Vol. DIY Electronics Projects
Chapter 3 DC Circuit Projects

# DC Lab - Potentiometer Voltage Divider

## In this hands-on electronics experiment, you will use potentiometers to vary a voltage and learn about voltage divider ratios and potentiometer applications.

### Project Overview

A potentiometer is an adjustable, variable resistor with three terminals. Two end terminals are connected to the ends of a resistive element, while a third central terminal is connected to an adjustable wiper that sets the resistive divider ratio. If a voltage is applied to the two ends, as illustrated in Figure 1, the central terminal output is an adjustable voltage. ### Parts and Materials

• Two 6 V batteries or power supply
• Carbon pencil lead for a mechanical-style pencil
• Potentiometer, single turn, 5 kΩ to 50 kΩ, linear taper
• Potentiometer, multi-turn, 1 kΩ to 20 kΩ

Potentiometers are manufactured in panel-mount and breadboard-mount versions. Any potentiometer style will suffice for this experiment; however, we highly recommend a linear potentiometer for this experiment (and for most experiments in general). This is because a linear potentiometer exhibits a direct (linear) correlation between shaft position and voltage division ratio.

As a side note, keep in mind that If you salvage a potentiometer from an old radio or another audio device, you will likely get what is called an audio taper potentiometer. These potentiometers exhibit a logarithmic relationship between the division ratio and shaft position.

### Instructions

Step 1: Begin this experiment with the pencil “lead” circuit of Figure 2 by applying a voltage across the graphite pencil lead. ##### Figure 2. Observing the voltage divider function of a graphite pencil lead.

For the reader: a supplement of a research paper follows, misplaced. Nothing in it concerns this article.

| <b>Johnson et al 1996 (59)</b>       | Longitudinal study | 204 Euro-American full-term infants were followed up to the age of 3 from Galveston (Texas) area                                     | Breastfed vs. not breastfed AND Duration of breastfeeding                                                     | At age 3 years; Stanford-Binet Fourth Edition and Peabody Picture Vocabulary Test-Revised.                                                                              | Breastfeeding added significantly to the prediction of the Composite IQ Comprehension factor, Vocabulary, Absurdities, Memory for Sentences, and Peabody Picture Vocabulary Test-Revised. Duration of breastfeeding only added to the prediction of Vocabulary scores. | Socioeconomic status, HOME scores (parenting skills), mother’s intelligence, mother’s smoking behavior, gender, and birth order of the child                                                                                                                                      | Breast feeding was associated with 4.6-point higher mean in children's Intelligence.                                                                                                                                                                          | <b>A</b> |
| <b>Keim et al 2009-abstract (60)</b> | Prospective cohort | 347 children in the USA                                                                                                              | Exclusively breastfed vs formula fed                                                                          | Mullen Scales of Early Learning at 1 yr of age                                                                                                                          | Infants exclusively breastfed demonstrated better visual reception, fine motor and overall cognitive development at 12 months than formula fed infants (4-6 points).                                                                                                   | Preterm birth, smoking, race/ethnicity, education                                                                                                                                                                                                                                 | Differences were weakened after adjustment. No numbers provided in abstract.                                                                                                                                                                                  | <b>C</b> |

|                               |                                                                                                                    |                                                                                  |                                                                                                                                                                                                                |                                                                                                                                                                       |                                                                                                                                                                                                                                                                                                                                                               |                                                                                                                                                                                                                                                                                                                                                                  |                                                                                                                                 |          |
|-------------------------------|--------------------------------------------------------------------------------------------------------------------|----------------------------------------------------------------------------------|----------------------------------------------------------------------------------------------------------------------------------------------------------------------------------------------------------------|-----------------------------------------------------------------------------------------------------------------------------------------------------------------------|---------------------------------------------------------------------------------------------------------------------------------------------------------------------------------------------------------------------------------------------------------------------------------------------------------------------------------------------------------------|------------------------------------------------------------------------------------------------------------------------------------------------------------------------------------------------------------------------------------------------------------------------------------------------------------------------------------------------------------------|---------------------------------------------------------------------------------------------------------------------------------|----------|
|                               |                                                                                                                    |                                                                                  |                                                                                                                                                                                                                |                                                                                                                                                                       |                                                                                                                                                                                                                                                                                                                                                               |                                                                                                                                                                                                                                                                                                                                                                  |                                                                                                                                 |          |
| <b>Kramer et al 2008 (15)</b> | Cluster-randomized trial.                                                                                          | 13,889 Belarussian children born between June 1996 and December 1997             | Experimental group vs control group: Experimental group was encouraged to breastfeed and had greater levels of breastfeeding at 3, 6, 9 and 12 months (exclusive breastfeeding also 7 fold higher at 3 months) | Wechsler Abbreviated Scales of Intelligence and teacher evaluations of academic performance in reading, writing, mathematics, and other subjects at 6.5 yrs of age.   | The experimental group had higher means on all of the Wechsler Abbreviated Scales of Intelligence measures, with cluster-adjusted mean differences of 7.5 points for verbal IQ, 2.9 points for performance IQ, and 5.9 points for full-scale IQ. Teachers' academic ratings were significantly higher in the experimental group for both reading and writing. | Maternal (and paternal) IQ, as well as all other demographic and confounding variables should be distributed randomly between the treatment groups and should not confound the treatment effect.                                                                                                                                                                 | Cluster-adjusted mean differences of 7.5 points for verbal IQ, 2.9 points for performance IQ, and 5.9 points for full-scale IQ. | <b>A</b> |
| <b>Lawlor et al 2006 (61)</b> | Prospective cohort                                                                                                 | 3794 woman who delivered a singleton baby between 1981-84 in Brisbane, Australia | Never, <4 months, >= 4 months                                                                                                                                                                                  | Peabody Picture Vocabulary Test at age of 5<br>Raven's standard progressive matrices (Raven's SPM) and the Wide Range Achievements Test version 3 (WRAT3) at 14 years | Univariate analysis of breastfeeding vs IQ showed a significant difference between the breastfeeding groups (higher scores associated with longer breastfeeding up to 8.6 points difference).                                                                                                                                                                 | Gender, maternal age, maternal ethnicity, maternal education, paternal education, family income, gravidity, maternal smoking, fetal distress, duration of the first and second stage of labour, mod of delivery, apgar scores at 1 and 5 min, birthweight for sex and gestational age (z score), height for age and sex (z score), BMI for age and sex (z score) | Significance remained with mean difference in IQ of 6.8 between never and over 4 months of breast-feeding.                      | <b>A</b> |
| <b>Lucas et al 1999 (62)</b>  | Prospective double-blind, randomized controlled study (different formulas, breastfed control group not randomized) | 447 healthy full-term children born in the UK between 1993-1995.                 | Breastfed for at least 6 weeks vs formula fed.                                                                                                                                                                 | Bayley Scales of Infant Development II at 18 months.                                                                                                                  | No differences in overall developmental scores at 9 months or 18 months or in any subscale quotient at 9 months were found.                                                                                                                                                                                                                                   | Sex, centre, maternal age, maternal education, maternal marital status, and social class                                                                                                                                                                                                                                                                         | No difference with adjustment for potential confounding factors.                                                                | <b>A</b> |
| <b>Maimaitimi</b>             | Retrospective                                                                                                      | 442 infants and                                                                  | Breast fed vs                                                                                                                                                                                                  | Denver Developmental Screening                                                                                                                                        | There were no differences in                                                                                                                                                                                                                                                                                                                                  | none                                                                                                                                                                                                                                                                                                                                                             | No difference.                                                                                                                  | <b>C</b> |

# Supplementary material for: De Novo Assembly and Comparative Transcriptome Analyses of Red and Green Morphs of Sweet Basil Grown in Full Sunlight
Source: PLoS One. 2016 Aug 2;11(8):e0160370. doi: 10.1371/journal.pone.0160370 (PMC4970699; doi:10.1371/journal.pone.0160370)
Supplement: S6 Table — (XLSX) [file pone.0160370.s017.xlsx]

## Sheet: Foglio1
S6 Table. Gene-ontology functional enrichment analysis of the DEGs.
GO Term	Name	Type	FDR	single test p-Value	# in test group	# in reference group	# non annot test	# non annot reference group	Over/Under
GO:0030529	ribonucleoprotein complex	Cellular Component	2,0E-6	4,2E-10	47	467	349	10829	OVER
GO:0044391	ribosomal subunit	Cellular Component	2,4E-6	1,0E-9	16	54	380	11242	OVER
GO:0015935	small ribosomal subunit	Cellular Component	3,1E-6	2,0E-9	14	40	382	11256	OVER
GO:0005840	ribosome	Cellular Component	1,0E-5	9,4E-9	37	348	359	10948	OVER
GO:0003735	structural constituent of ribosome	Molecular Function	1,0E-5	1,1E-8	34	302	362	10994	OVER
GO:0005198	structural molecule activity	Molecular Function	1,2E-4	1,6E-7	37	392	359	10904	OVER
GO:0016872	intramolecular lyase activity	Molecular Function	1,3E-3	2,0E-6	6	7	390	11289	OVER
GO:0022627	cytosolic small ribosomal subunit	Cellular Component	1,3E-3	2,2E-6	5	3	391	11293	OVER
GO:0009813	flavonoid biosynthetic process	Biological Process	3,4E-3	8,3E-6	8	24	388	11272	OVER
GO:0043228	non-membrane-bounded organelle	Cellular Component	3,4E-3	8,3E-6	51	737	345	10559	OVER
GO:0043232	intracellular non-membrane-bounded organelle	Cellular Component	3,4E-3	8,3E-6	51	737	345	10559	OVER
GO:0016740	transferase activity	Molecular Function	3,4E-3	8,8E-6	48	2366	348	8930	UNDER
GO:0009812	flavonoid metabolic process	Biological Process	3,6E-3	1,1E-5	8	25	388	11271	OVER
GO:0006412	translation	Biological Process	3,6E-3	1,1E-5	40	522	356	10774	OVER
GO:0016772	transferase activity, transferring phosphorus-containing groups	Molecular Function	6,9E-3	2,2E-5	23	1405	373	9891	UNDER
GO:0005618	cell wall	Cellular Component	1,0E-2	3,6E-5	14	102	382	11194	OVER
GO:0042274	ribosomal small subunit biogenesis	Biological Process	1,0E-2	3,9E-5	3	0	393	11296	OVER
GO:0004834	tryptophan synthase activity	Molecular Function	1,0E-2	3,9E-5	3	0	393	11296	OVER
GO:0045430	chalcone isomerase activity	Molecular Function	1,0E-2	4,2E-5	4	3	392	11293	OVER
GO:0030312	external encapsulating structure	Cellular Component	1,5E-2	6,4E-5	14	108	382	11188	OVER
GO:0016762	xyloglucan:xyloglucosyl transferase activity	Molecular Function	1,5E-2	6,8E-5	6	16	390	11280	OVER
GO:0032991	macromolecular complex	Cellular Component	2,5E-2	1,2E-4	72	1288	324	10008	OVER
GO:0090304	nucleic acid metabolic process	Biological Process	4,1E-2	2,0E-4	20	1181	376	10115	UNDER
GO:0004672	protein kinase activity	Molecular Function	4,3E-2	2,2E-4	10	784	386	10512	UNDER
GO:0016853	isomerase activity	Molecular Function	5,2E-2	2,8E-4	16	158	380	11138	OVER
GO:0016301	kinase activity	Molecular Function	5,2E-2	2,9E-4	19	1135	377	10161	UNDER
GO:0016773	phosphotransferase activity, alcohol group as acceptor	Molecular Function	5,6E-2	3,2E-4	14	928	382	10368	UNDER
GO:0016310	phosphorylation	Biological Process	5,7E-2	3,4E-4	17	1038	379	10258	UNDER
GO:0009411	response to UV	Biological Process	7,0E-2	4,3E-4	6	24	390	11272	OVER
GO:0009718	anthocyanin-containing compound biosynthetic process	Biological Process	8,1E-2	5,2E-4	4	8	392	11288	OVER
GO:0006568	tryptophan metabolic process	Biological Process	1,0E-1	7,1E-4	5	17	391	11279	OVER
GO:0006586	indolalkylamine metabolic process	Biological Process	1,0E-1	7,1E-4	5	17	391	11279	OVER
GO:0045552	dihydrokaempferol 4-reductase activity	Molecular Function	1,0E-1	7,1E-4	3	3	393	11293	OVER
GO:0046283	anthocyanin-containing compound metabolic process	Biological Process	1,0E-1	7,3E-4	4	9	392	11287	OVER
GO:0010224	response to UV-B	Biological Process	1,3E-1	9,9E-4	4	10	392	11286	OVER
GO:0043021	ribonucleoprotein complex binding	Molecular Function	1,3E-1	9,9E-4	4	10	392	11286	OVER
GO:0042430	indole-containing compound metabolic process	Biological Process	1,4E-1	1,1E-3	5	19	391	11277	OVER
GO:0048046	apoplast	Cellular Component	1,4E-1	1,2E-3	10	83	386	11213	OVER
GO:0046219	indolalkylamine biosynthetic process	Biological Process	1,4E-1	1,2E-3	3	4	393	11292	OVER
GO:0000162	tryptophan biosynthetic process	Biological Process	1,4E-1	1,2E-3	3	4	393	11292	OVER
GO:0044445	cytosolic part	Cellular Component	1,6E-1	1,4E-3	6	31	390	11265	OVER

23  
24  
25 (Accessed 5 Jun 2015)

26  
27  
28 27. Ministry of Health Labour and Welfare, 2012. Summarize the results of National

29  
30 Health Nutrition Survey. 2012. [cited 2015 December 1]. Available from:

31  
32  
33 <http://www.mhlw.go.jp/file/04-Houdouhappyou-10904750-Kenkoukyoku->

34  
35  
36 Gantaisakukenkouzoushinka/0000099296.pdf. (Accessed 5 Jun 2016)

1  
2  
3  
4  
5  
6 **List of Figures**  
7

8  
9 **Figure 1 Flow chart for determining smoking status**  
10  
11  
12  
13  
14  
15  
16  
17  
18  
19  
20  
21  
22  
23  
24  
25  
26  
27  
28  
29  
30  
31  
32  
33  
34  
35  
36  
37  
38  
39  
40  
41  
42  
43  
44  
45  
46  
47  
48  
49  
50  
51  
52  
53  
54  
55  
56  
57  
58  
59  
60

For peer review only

Pencils use a rod made of a graphite-clay mixture, not lead (the metal), to make black marks on paper. Graphite, being a mediocre electrical conductor, acts as a resistor connected across the battery by the two alligator-clip jumper wires.

Step 2: Connect the voltmeter like that shown in Figure 2, and touch the red test probe to the graphite rod. Move the red probe along the length of the rod and notice the voltmeter’s indication change. What probe position gives the greatest voltage value?

Let's take a look at Figure 3, which is the schematic diagram for the circuit of Figure 2. ##### Figure 3. Schematic design illustrating a potentiometer symbol and how to measure the adjustable output voltage.

In Figure 3, the graphite rod pencil lead is a variable resistor, and the red probe from the voltmeter functions directly as the potentiometer wiper as you move it up and down the length of the rod. Essentially, the rod acts as a pair of resistors, with the ratio between the two resistances established by the position of the red test probe along the rod’s length. You can see an example of this in Figure 4. ##### Figure 4. Two-resistor equivalent circuit for the pencil lead potentiometer.